14 Methods for Gathering Evidence

15 Information comes from…
In person interviews Phone interviews Written interrogatories Document requests There are several ways of getting the information you need when investigating claims of discrimination. Typically, information can be obtained through: interviews, Interrogatories -- written questions used to obtain written responses. Helpful to clarify allegations, obtain official position statements. Useful for identifying witnesses and documentary evidence. requests for production of documents -- written requests for specific documents There are four likely sources of information: the complainant witnesses, including complainant’s supervisor and co-workers, and other witnesses named by complainant and others the opposing party, i.e. the employer or provider of services documentary evidence Only use telephone interviews if you absolutely have to. Interviewing face to face has definite advantages. You can observe demeanor and credibility People may be less likely to lie if you are in person You can more easily use documents

16 Putting it all Together

17 Start with the Complainant
What do we need to ask Ms. Garcia?

18 Interviews and Interrogatories
ASK: Who, What, When, Where, and How? Example: Describe what happened when you went to the to the Career Center?

19 Prompt your witness Why did you go to the career center?
Do you recall who you spoke to? Were you by yourself? Were you given any materials? Did you complete any forms? What were you told about your benefits? Who told you that? Introduce yourself and discuss interview procedures to make witness feel comfortable. Develop a rapport with the interviewee, set them at ease, alleviate fears. Describe the purpose of the interview and explain your role as a neutral party conducting an investigation. Be an active listener Be careful that nothing in your words or manner implies criticism, surprise, approval or disapproval Give verbal feedback (ie., “that’s useful information” NOT “Are you kidding?” Non-Verbal Feedback (ie, maintain eye contact, nod head, look at interviewee, don’t be a distraction) Maintain eye contact Nod head Face the interviewee Don’t distract Allow controlled venting be quiet and listen use silence to your advantage- don’t fill pauses paraphrase to check for understanding try to hear exactly what is being said in the message provide appropriate, nonbiased feedback Explain also that you will be interviewing others

20 Practical Interviewing Tips
Be careful not to make assumptions. Ask clarifying open-ended questions, but avoid leading questions. Ask whether there are other people who may have knowledge of the circumstances surrounding the complaint that you should talk to. Are there gaps in the information? Ask follow-up questions to fill those gaps. Example of open-ended question: How did Mr. Jones respond when you asked him for help? Notify: It may be necessary to re-interview a witness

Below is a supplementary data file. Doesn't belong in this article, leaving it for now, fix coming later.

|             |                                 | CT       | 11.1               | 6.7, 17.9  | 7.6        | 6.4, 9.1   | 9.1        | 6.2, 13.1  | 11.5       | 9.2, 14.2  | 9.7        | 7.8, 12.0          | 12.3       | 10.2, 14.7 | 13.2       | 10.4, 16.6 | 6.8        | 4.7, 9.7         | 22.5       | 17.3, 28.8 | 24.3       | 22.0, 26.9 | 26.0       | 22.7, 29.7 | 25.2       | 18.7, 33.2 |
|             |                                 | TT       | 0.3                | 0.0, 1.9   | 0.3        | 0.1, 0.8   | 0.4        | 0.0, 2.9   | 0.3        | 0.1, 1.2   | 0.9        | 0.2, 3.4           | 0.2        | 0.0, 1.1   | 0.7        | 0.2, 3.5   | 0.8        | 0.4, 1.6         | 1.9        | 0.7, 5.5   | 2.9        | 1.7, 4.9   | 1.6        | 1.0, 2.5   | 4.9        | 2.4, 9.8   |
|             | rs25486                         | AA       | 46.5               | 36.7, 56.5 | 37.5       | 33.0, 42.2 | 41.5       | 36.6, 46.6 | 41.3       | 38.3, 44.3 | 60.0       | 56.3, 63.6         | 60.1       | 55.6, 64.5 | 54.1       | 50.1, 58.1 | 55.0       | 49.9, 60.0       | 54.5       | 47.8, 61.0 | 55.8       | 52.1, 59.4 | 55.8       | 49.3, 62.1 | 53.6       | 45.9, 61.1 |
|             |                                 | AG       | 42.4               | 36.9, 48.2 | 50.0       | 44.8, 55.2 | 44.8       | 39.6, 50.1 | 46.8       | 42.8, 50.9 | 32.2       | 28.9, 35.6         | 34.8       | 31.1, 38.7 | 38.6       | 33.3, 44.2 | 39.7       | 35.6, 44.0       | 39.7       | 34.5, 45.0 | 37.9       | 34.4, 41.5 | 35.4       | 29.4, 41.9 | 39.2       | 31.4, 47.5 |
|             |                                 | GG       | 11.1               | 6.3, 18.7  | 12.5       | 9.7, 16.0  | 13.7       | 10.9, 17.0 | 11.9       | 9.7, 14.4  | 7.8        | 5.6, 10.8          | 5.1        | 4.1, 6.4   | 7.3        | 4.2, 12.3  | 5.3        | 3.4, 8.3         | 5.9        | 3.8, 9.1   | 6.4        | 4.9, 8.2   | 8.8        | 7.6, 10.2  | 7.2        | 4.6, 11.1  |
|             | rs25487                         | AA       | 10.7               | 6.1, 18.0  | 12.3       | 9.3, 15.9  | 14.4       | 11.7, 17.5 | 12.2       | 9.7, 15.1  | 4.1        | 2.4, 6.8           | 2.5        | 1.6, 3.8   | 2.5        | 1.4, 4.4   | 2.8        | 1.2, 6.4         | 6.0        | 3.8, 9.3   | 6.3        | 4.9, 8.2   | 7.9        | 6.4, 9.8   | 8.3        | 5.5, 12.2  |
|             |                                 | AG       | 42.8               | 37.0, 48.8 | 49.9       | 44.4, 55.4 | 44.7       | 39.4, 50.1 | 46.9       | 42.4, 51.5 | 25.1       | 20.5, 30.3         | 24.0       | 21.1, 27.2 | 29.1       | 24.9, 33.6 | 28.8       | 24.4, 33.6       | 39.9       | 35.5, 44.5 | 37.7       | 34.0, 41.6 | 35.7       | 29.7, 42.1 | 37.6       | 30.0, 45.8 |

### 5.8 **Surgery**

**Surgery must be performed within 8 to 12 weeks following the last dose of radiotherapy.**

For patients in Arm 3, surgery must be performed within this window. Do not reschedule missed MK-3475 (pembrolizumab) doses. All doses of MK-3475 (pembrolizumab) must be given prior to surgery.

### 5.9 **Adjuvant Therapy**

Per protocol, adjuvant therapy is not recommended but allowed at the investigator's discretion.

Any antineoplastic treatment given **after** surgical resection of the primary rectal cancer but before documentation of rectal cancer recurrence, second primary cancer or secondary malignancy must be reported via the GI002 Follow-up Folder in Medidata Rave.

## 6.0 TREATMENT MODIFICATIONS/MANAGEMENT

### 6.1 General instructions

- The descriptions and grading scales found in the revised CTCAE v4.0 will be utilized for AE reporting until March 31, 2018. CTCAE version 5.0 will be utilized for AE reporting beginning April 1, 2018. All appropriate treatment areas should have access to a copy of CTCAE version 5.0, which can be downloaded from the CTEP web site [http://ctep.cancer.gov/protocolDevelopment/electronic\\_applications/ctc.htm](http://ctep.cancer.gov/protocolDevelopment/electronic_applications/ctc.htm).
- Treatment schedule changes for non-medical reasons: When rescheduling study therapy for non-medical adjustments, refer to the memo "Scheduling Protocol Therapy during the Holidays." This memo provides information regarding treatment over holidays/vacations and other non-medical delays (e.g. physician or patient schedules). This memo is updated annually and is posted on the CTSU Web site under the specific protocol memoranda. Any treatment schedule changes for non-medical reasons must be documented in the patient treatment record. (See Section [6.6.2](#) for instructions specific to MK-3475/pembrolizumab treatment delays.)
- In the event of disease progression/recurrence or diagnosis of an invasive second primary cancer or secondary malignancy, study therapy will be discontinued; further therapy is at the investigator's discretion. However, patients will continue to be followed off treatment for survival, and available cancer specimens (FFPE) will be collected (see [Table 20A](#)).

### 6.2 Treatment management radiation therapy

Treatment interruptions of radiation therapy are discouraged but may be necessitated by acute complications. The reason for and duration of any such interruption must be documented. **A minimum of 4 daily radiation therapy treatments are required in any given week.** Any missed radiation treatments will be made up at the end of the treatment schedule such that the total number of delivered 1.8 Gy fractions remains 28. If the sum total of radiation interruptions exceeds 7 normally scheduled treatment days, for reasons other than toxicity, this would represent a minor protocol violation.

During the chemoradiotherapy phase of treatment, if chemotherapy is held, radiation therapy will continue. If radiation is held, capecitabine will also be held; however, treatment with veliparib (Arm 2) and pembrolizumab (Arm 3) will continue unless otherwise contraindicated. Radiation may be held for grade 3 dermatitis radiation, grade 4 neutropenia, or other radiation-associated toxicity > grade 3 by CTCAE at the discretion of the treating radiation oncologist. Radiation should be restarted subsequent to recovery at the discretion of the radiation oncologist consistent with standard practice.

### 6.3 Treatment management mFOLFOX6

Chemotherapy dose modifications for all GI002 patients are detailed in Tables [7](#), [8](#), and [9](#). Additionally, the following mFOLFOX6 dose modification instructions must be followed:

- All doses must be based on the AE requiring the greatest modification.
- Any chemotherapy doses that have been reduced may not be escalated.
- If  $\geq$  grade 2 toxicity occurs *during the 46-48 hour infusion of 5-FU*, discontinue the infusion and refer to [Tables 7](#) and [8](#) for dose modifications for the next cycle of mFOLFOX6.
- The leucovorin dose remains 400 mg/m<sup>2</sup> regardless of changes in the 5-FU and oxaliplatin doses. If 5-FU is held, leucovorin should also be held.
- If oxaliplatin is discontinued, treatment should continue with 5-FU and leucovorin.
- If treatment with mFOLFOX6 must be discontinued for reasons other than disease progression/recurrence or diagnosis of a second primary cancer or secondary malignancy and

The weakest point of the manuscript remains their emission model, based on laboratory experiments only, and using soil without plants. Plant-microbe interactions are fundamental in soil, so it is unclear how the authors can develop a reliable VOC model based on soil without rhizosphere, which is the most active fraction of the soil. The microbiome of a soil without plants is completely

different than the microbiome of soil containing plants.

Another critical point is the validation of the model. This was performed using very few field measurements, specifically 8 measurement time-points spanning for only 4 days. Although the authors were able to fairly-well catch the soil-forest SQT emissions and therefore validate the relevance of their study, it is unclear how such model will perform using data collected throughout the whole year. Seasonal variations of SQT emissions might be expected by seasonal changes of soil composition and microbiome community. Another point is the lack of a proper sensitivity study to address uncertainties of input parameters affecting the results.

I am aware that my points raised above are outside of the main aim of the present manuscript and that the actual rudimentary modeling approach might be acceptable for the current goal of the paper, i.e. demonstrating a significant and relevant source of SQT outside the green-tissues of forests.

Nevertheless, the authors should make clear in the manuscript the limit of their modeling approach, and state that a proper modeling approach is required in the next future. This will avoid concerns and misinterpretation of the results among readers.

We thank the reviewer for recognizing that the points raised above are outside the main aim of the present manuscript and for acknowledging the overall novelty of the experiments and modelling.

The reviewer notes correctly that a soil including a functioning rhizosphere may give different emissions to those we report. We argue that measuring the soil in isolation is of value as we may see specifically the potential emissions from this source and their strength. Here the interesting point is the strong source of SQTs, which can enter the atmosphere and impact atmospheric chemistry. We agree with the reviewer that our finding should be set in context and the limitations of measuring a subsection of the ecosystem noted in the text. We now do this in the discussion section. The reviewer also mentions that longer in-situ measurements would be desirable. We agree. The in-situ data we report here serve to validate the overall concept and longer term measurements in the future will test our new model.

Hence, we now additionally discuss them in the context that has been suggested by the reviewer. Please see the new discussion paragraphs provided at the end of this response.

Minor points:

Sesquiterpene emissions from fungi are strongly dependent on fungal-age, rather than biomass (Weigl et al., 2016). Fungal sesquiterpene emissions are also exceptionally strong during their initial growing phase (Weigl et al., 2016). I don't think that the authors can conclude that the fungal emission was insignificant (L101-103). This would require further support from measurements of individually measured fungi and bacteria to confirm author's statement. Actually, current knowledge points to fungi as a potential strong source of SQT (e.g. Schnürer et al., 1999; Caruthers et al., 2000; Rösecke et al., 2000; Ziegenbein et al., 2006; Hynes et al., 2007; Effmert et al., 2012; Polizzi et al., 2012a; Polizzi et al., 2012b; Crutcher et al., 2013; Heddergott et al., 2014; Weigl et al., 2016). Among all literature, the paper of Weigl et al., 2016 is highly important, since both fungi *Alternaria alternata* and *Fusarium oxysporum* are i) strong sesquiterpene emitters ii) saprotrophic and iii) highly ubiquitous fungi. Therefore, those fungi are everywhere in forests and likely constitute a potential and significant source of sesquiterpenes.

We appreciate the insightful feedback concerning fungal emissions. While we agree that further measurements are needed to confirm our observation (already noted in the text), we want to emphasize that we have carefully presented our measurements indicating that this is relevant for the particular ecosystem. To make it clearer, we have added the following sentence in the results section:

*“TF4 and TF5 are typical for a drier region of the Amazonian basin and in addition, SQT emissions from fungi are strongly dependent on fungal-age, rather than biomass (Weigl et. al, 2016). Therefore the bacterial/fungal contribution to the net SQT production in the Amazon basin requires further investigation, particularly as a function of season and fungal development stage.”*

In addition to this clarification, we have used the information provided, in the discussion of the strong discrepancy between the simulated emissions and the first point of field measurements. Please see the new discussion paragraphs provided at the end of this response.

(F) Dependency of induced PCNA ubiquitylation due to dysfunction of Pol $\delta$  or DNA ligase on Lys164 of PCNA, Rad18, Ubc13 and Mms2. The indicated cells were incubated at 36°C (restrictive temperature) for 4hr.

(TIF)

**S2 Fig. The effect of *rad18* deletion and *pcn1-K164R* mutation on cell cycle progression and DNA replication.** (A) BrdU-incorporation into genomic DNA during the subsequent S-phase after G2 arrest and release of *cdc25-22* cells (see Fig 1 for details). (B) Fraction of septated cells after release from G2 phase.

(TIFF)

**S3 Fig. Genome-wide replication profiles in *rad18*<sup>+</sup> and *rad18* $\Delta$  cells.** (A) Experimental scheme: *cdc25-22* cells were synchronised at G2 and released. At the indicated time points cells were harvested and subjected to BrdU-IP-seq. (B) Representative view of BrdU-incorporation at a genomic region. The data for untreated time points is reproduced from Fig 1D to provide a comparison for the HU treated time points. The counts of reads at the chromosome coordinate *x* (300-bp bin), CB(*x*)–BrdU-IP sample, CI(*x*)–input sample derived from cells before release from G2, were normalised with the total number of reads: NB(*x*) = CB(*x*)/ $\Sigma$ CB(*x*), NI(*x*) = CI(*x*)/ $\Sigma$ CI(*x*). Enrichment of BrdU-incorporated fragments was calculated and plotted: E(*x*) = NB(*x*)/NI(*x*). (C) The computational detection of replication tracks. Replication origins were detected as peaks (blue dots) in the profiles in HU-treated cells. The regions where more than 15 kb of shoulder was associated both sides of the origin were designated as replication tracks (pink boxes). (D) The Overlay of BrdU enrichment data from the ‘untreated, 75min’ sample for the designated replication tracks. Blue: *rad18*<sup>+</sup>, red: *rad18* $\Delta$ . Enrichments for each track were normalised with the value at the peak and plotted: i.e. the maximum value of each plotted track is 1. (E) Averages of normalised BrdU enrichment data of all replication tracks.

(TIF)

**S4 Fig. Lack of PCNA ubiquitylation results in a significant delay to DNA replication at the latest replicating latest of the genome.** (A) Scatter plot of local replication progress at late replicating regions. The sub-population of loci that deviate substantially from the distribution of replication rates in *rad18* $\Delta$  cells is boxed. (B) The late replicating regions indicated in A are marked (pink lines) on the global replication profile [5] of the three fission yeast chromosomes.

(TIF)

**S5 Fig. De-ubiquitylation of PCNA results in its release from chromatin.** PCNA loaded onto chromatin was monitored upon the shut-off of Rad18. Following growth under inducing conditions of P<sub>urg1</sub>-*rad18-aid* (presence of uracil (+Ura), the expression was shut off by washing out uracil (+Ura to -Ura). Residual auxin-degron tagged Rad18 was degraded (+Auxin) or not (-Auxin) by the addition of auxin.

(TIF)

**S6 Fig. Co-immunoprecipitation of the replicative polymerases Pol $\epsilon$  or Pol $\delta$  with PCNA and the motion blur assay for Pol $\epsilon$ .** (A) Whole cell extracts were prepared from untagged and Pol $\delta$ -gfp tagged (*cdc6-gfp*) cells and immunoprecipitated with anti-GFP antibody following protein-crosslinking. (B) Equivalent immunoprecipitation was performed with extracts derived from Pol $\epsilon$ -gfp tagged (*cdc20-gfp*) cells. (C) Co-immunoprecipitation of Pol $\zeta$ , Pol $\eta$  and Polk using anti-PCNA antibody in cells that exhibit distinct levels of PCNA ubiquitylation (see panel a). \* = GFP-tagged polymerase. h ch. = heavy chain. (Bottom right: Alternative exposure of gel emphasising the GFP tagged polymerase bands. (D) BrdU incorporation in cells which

21 What we learned from our interview of Ms. Garcia:
Ms. Garcia went to the Career Center with her 12 year old son, Luis. Initially, she spoke with Ms. Martinez, a bilingual receptionist. Ms. Martinez referred Ms. Garcia to Mr. Jones, an employment specialist, who only spoke English. He gave Ms. Garcia some forms to complete and also asked her to enter some information online using one of the Career Center’s computers.

22 (continued) Ms. Garcia said she had great difficulty understanding Mr. Jones and requested if someone who spoke Spanish could help her. Mr. Jones told her that no one was available to assist her. Luis tried to assist with the written forms and entering information online. Several weeks later, Ms. Garcia received a letter, in English, denying her request for benefits.

23 Based on what we learned from interviewing Ms
Based on what we learned from interviewing Ms. Garcia, who do we need to talk to next? Ms. Martinez, the Career Center Receptionist Mr. Jones, the Employment Specialist at the Career Center Luis Garcia? Unidentified Manager at the Career Center Who do you contact first? 1. Jones = letter denying benefits, basis for denial?

24 What do we ask those witnesses?
Open-ended questions based on information learned from Ms. Garcia’s interview Consider whether the statements are consistent or not From the Career Center witnesses, ask them to explain their actions and general procedures for processing UI claims Inconsistencies: did we learn anything that would require us to re-interview Ms. Garcia?

25 Anything else? Are there any other individuals involved that we should speak to? Documents? Any relevant policies Corrective action taken, if any, in response to the complainant's complaint All Written communications including messages, letters, memos

26 Is the investigation complete?
Did you gather sufficient evidence to: Answer the prima facie questions? Establish the Career Center’s non-discriminatory reason for denying benefits? Did the Complainant offer any testimony to refute the Career Center’s reasons (pretext)? Is there sufficient information from which a decision-maker could render a decision?

27 What have we learned? Determine your legal theory of discrimination and use it as a guide for planning your investigation Use your interview time well – ask leading open-ended questions, summarize and revisit open issues Request relevant documents Look for gaps and inconsistencies in your information, re-interview witnesses if necessary

Download ppt "Practical Tips for Investigating Discrimination Complaints"

Similar presentations

Ads by Google